Microsoft, 'open' data, and the curse of open source
Thanks a lot, HTML5
Do the rise of cloud computing and the outbreak of peace on open standards in the browser mean programmers will be forced to find new ways to make money online?
In the last few days, Microsoft surrendered to common sense by announcing that Internet Explorer will finally embrace common standards with HTML5.
It was a critical moment that potentially means the end of the lock-in that enabled Microsoft and others to charge for their coding work. While IE might be free, billions of hours were spent on custom coding as Microsoft, partners, and an entire industry built web sites, applications and online services first for Microsoft's browser and then for everybody else that bothered to adhere to web standards.
The disappearance of this walled garden - due to happen with IE 9 - has coincided with the feverish rise of smart-phone makers and service providers falling over themselves to give consumers access to things like Twitter and Facebook on their handsets.
Apple, Palm, Microsoft, Google, Blackberry, and Symbian are fighting to prove they too offer access to exactly the same handful of social networks so their users can also Tweet their way through important business meetings.
Increasingly, this battle to carry the same services requires both integration between services and between those services and the operating system.
Palm, for example, has Synergy in its webOS that links and merges contacts, calendar information and messages to avoid fumbling through different screens. On the other end of the scale, Microsoft's Windows Phone 7 Series has a long way to go on basic integration and multitasking, but we should expect it to catch up over time in classic Microsoft fashion.
This trend for integration is starting to reach into the world of the desktop. Lucid Lynx - the next version of the Linux desktop due imminently - will integrate Twitter and Facebook into the software, according to Ubuntu founder Mark Shuttleworth.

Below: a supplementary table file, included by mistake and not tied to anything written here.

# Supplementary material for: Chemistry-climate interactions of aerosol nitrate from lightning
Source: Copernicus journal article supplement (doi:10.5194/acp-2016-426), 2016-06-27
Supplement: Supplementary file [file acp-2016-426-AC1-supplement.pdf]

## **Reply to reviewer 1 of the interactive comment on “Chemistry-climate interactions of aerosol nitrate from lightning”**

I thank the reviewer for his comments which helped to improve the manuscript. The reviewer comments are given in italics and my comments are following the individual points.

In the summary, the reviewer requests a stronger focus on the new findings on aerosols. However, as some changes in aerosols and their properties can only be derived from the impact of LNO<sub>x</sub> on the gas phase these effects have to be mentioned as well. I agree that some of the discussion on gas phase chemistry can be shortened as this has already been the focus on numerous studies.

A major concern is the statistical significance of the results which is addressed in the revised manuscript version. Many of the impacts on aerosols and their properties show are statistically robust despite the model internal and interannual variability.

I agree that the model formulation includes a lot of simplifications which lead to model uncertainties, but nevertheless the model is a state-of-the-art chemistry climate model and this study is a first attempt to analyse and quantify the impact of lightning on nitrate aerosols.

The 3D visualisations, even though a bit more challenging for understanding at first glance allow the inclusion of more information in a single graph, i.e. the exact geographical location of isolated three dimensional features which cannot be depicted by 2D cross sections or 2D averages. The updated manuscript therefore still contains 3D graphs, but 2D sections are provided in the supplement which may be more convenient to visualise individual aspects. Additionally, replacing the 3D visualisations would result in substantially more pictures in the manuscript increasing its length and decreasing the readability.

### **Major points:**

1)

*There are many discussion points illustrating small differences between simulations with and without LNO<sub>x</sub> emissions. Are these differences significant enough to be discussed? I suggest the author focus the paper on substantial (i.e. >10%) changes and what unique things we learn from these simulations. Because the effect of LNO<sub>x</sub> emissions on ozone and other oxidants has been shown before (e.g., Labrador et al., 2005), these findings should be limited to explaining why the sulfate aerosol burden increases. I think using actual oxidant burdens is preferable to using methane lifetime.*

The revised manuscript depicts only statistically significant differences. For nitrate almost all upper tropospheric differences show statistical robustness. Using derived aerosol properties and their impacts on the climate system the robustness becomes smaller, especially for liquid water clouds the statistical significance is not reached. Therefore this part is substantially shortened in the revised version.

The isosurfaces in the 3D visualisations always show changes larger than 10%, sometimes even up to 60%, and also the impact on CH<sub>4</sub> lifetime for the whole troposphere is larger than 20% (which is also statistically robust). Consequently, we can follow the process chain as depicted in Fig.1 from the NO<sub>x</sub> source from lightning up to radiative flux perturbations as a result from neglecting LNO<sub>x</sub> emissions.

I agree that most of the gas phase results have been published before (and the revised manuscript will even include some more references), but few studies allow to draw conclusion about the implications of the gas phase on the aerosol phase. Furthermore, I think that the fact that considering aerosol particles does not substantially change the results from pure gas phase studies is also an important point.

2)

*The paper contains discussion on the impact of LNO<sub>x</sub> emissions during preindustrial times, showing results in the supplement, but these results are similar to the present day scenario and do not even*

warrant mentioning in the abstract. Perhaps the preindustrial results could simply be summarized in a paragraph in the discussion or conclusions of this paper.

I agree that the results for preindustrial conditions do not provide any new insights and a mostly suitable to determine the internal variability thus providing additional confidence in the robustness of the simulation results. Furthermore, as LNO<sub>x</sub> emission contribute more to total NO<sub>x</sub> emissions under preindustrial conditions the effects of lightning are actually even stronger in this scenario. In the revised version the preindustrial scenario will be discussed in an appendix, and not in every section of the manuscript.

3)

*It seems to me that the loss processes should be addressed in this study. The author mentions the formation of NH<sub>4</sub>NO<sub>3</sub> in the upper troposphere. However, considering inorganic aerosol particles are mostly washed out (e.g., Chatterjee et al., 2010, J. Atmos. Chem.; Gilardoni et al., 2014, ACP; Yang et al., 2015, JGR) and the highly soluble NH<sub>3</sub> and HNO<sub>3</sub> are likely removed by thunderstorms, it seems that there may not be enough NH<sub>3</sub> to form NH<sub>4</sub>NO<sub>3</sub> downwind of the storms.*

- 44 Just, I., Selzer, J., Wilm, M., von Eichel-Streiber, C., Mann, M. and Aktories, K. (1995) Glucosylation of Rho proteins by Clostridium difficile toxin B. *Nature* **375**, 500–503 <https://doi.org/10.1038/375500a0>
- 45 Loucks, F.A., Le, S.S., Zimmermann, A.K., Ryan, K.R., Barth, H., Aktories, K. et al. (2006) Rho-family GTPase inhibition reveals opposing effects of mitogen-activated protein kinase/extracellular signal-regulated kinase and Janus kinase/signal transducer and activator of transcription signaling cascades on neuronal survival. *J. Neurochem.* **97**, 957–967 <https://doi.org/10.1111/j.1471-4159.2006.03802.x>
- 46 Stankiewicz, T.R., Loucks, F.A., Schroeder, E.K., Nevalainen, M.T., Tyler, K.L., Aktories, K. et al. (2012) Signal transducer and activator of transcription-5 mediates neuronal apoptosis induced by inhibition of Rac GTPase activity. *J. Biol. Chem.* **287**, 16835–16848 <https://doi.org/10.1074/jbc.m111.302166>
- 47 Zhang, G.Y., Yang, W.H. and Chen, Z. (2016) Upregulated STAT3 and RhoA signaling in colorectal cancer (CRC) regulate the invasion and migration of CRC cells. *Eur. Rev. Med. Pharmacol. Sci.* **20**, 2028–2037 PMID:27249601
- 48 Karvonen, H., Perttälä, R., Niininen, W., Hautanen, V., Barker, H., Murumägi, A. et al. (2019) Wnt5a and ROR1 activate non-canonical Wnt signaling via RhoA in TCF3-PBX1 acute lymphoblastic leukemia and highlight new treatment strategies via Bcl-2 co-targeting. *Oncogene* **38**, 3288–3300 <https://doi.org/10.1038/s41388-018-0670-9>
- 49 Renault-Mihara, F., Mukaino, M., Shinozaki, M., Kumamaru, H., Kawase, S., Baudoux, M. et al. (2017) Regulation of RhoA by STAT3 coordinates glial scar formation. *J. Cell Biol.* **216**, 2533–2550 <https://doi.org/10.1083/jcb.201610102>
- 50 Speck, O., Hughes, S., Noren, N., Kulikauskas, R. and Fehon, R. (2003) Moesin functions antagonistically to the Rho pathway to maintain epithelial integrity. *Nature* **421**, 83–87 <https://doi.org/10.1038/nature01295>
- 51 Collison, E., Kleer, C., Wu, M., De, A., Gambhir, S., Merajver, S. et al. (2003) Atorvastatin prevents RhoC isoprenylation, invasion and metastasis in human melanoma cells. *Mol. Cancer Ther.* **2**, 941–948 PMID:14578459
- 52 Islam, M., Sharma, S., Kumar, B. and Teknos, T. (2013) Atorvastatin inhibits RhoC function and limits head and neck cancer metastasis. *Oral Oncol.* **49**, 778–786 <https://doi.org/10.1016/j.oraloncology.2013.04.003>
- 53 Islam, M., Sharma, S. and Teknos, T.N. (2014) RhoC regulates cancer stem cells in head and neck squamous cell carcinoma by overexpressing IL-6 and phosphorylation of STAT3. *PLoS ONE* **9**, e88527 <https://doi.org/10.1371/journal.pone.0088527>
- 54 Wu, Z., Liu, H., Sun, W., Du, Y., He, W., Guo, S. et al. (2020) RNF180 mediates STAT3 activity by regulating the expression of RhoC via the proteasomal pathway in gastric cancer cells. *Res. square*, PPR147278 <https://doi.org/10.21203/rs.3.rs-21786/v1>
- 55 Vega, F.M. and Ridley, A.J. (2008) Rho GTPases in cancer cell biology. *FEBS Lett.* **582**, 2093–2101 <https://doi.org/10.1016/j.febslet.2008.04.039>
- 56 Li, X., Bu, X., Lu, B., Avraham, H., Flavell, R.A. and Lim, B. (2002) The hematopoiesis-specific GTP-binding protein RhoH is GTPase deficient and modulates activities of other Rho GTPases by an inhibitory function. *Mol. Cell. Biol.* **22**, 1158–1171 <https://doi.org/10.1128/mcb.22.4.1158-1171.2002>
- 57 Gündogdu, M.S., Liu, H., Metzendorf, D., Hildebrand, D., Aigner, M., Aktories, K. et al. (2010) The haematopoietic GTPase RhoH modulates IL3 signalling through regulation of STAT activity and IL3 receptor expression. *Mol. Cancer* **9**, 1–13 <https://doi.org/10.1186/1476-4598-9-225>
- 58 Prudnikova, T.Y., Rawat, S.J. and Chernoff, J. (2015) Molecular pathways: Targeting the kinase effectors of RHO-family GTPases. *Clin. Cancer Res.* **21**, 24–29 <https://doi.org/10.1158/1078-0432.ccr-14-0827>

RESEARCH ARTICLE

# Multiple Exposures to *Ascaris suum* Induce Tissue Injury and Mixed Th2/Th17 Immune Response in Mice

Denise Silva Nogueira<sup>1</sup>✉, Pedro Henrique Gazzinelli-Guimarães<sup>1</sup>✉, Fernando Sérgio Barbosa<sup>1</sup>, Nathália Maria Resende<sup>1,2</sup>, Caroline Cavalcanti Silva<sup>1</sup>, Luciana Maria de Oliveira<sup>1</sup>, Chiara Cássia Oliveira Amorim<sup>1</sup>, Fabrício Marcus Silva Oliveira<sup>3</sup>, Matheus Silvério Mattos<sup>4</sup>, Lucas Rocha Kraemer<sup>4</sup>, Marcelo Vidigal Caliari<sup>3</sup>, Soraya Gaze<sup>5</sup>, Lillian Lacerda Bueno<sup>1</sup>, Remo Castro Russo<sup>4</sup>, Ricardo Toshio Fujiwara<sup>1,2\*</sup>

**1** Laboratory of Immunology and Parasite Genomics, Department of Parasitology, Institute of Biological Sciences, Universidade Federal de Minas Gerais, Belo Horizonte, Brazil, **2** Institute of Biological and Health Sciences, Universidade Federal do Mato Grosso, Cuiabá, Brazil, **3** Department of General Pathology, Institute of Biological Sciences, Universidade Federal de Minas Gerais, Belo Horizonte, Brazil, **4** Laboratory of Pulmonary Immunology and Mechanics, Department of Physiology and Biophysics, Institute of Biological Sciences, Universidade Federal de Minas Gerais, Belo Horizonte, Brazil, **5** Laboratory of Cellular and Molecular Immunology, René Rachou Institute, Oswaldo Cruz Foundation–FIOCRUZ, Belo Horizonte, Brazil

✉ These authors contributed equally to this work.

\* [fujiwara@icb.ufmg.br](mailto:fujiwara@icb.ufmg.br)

That should merge the desktop and online worlds so people don't have to fire up their browser or a separate application to use their social applications.
All this means that while each mobile and desktop operating system is unique and highly complex - facts that let developers charge for the time and work that goes into building their software - they are all targeting exactly the same data by writing to exactly the same APIs, be they Facebook's or Google's vast repository of search queries or geo-location information.
This trend of writing to what speakers at the Open Source Business Conference (OSBC) this week in San Francisco, California called "open data" - never mind the whole issue of proprietary cloud lock in - is being further driven by giants like Microsoft and Google.
In health, for example, you have Microsoft HealthVault and Google Health - two growing repositories that are seeing Microsoft and Google set themselves up as massive gatekeepers of information. They have recognized that in the information age, survival comes not by adding more features to applications or operating systems but by owning the information itself and then letting others access it. Talk about buying your way into the future.
Next page: Oh my, OData
"How the hell do we make money on open data
Its my data - what the fuck makes you think you have any right ot make money out of it just because you've held back open standards for 15 years?